Daphne had never worried about drowning in the desert before and she wasn’t about to start now.
An old, familiar ache in her left knee flickered back into life as she scrambled up the hill. Lemon scampered up inches ahead of her with a dull whine. The water frothed brown and kept rising.
She’d climbed as high as she could now. All that was left to do was keep Lemon away from the current and hope the flash flood didn’t sweep them away. Daphne wrapped her arms around her companion and struggled to slow her ragged breathing as the water uprooted a long-dead White Thorn Acacia with a sickening snap.
Lemon growled as the tree was slowly dragged away. She stroked his damp, yellow fur and thanked the gods he was so good at following commands quickly in an emergency. Six hours ago ago he’d been napping lazily in the shade as she irrigated one of her gardens. Three hours ago they’d huddled in a cave as an unexpected thunderstorm dumped several inches of water onto the desert. Now they shivered in the anemic winter sunlight as the temporary river rose.
Daphne opened her pack and examined its contents: two flasks of lukewarm water, a wool blanket, a spade, one serving of Arizona walnuts, a sharp knife, and a tinderbox. Without a safe place to light a fire or enough flammable materials to sustain it sharing the blanket with Lemon would have to do if it wasn’t safe to return home by nightfall. As much as she missed her sons Daphne was grateful they were old enough to look after themselves now. They were no doubt better off up in the mountains than they would have been had they stayed in the valley with her this winter.
A flash of unexpected color drew Daphne out of her thoughts. She could just make out a pale, gaunt, red-headed man clinging to a tree about three hundred feet away. He pushed his hat up and offered a weak wave. Daphne waved back, briefly wondering who the stranger was and what he had been doing in her valley. She’d lived in and around the Mingus Mountain area since early childhood and knew every one of the 204 men, women and children that eked out a living there. None of them were redheads, very few were as ghostly white as this stranger and absolutely no one visited her valley without letting her know they were in the area! Had he been kin to anyone from her community she was certain they would have explained local customs to him if not brought him over themselves for a neighbourly visit.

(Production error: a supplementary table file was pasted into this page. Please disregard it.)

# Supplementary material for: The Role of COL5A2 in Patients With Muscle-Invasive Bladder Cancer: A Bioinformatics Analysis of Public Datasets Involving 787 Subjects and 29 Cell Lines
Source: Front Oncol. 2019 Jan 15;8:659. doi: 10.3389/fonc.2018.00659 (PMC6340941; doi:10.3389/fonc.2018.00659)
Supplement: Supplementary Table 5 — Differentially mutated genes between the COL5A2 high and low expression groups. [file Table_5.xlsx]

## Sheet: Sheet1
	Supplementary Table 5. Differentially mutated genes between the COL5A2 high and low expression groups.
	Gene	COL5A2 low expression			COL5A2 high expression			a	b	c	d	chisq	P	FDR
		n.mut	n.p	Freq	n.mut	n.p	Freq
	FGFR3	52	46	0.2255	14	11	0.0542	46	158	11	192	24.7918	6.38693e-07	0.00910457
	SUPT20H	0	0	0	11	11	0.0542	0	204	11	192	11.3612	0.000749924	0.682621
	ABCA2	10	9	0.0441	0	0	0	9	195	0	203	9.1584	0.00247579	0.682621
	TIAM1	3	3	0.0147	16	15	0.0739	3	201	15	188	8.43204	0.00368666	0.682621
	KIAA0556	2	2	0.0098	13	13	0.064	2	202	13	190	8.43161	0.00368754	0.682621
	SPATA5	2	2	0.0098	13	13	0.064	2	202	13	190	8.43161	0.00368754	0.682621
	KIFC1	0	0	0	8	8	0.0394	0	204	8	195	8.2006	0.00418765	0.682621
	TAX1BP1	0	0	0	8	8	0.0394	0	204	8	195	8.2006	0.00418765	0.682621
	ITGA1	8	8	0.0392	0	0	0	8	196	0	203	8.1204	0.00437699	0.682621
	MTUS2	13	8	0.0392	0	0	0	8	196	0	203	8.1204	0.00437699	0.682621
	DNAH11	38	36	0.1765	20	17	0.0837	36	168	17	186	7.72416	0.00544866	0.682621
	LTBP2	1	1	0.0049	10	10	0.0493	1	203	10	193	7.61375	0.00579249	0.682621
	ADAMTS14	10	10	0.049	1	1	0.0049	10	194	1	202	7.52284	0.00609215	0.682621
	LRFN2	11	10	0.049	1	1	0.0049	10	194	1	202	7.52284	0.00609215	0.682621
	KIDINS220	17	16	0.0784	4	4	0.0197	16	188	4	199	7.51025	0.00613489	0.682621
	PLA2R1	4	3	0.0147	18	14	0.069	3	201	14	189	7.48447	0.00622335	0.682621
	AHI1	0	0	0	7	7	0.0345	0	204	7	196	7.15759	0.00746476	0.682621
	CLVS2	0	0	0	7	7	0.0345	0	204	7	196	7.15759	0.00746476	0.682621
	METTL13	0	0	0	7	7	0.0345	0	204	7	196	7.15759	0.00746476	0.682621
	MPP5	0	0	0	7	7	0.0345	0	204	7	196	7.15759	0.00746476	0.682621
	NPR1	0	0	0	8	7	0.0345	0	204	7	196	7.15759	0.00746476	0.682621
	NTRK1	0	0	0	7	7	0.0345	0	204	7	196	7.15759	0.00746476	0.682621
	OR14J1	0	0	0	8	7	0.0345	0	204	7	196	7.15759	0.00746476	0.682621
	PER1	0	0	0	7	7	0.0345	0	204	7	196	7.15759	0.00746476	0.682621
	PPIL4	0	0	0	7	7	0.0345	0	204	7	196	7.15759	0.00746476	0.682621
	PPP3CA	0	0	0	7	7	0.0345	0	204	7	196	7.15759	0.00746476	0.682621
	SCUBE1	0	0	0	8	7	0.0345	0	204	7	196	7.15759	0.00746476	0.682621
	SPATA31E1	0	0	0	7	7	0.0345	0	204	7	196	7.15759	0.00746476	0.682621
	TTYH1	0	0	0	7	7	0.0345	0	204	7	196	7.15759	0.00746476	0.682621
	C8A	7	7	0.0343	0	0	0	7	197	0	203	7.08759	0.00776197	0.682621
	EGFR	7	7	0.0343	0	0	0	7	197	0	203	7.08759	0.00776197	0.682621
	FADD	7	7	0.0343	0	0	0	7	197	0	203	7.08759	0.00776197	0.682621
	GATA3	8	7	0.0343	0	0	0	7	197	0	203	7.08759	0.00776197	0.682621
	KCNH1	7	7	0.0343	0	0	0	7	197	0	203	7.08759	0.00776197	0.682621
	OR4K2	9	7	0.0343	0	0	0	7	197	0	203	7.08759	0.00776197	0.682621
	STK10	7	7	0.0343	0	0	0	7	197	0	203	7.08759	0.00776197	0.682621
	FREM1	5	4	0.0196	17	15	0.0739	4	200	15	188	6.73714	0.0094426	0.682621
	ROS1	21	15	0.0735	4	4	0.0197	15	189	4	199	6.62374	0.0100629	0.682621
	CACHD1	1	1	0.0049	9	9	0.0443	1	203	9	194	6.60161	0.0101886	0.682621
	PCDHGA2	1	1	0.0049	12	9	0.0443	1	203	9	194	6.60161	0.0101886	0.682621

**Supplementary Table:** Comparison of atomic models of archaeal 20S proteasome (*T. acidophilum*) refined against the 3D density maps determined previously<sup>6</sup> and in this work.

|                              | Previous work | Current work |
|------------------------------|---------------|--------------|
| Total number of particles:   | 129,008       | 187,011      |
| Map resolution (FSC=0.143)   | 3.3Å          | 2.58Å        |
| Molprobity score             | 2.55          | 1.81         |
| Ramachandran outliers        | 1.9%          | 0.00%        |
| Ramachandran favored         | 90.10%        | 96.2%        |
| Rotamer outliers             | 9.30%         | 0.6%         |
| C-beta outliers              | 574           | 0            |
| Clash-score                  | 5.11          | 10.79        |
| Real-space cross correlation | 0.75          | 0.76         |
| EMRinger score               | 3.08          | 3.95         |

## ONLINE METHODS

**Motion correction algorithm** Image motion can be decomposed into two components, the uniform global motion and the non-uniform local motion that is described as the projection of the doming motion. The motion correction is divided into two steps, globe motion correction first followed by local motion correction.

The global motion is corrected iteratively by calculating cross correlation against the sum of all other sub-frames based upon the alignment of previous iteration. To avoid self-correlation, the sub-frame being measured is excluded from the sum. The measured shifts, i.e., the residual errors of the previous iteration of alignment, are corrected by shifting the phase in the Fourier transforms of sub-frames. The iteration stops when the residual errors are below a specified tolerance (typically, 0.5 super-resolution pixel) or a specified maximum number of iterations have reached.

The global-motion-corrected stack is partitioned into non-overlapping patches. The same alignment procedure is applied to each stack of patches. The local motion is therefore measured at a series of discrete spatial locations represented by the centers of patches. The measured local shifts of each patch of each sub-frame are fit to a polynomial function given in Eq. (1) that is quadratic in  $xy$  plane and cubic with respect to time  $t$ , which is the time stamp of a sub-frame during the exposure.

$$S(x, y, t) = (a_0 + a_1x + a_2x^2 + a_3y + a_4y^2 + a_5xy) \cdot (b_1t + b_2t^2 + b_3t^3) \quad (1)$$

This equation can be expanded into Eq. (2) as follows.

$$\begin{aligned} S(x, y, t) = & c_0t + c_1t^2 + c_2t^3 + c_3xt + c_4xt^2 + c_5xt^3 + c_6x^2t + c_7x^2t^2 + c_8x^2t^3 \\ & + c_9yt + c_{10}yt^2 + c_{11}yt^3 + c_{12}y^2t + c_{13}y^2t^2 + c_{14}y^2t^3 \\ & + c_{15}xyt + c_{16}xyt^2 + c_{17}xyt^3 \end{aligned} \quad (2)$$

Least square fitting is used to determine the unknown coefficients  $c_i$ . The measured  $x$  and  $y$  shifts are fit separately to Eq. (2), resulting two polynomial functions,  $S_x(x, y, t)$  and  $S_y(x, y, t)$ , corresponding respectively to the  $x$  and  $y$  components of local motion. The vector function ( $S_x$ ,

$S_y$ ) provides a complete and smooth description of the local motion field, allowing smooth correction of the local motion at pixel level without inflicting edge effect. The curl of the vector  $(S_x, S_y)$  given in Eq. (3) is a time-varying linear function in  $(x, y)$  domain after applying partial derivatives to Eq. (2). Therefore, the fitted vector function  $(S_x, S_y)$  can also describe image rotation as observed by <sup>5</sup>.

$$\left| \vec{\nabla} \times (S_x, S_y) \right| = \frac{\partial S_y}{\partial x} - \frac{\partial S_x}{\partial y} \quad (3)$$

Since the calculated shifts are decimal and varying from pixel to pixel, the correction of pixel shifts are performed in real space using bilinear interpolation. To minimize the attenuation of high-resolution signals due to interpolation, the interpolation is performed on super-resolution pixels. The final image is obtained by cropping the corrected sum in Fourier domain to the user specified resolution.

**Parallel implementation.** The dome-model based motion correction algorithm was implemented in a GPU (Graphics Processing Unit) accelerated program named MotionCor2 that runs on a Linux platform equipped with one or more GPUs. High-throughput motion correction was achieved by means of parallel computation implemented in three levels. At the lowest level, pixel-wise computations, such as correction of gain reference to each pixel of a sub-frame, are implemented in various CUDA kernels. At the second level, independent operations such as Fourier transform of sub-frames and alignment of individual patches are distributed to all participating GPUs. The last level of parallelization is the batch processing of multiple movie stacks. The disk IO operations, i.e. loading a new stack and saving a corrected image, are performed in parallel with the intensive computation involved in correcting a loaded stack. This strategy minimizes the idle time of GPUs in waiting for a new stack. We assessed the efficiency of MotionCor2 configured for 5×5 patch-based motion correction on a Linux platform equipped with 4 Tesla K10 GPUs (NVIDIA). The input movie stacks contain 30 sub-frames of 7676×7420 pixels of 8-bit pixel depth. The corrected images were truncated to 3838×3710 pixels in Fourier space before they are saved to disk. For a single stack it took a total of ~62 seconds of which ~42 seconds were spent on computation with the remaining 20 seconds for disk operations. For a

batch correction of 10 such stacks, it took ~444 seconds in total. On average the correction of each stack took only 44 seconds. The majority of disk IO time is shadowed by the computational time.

Everyone knew Daphne liked a quiet, private life but she certainly knew how to entertain visitors! The gods knew they didn’t receive much news from the rest of the States these days. Severe droughts had lead to food shortages and limited the time and energy most folks had for walking or riding a horse into parts unknown. To tell the truth Daphne missed the way things had been when she was growing up. Not all of the visitors had been friendly, of course, but most of them were kind men and women who saw glimpses of a little daughter or sister left behind months ago in the shining eyes of the small girl who listened shyly to their stories about what life was like in South California, Nevada, or New Texas, or even (once) a mysterious place called Tennessee. Spending a few days with them before they journeyed on was a refreshing break from seeing the same faces over and over again.
The sun was slipping behind Mingus Mountain. Daphne noted with regret that while the flood was slowly soaking away it was still too deep for her to safely cross. She wished there was a way to share her food and blanket with the strange man who at this point was staring down at the water and wiggling his feet. His face was too small and far away for her to gauge what he was thinking but she hoped he knew enough about flash floods to stay put for now. Even if he knew how to swim the current could become unexpectedly deep and strong over uneven terrain and there was always the risk of being hit by debris.
Slowly but surely the man was climbing down the tree.
“No!” Daphne shouted. “It isn’t safe!” For a second he paused as if he’d heard her but then continued his descent.
“Stop!” she yelled. Either the canyon swallowed her warning or he chose to ignore it because in a few seconds his legs had disappeared into the muddy water and he was wading knee, waist, chest-deep across the newly-formed river. Daphne held her breath. The shadows were lengthening now and it was growing a little more difficult to see what was happening. Suddenly the man’s head bobbed underneath the water eliciting a small groan from Daphne and a whine from Lemon.
One one thousand. Two one thousand. Three one thousand. His head bobbed up again. Daphne hadn’t realized she was holding her breathe until she exhaled. He wasn’t a strong swimmer but at least he’d learned the basics somewhere. With such a severe drought going on most folks his age had never had the opportunity. Twenty more feet of dog paddling and he should be safe. The man’s progress was slow but steady against the current.
A log slid around the river bend. Had it not been for her keen eye Daphne would never have seen something just a few shades darker than the water slipping up and down with the unforgiving current. As it was she noticed the danger just before the log slammed into the man’s head. Her stomach dropped as he sank into the water.
Four one thousand. Five one thousand. Six one thousand. He did not reemerge.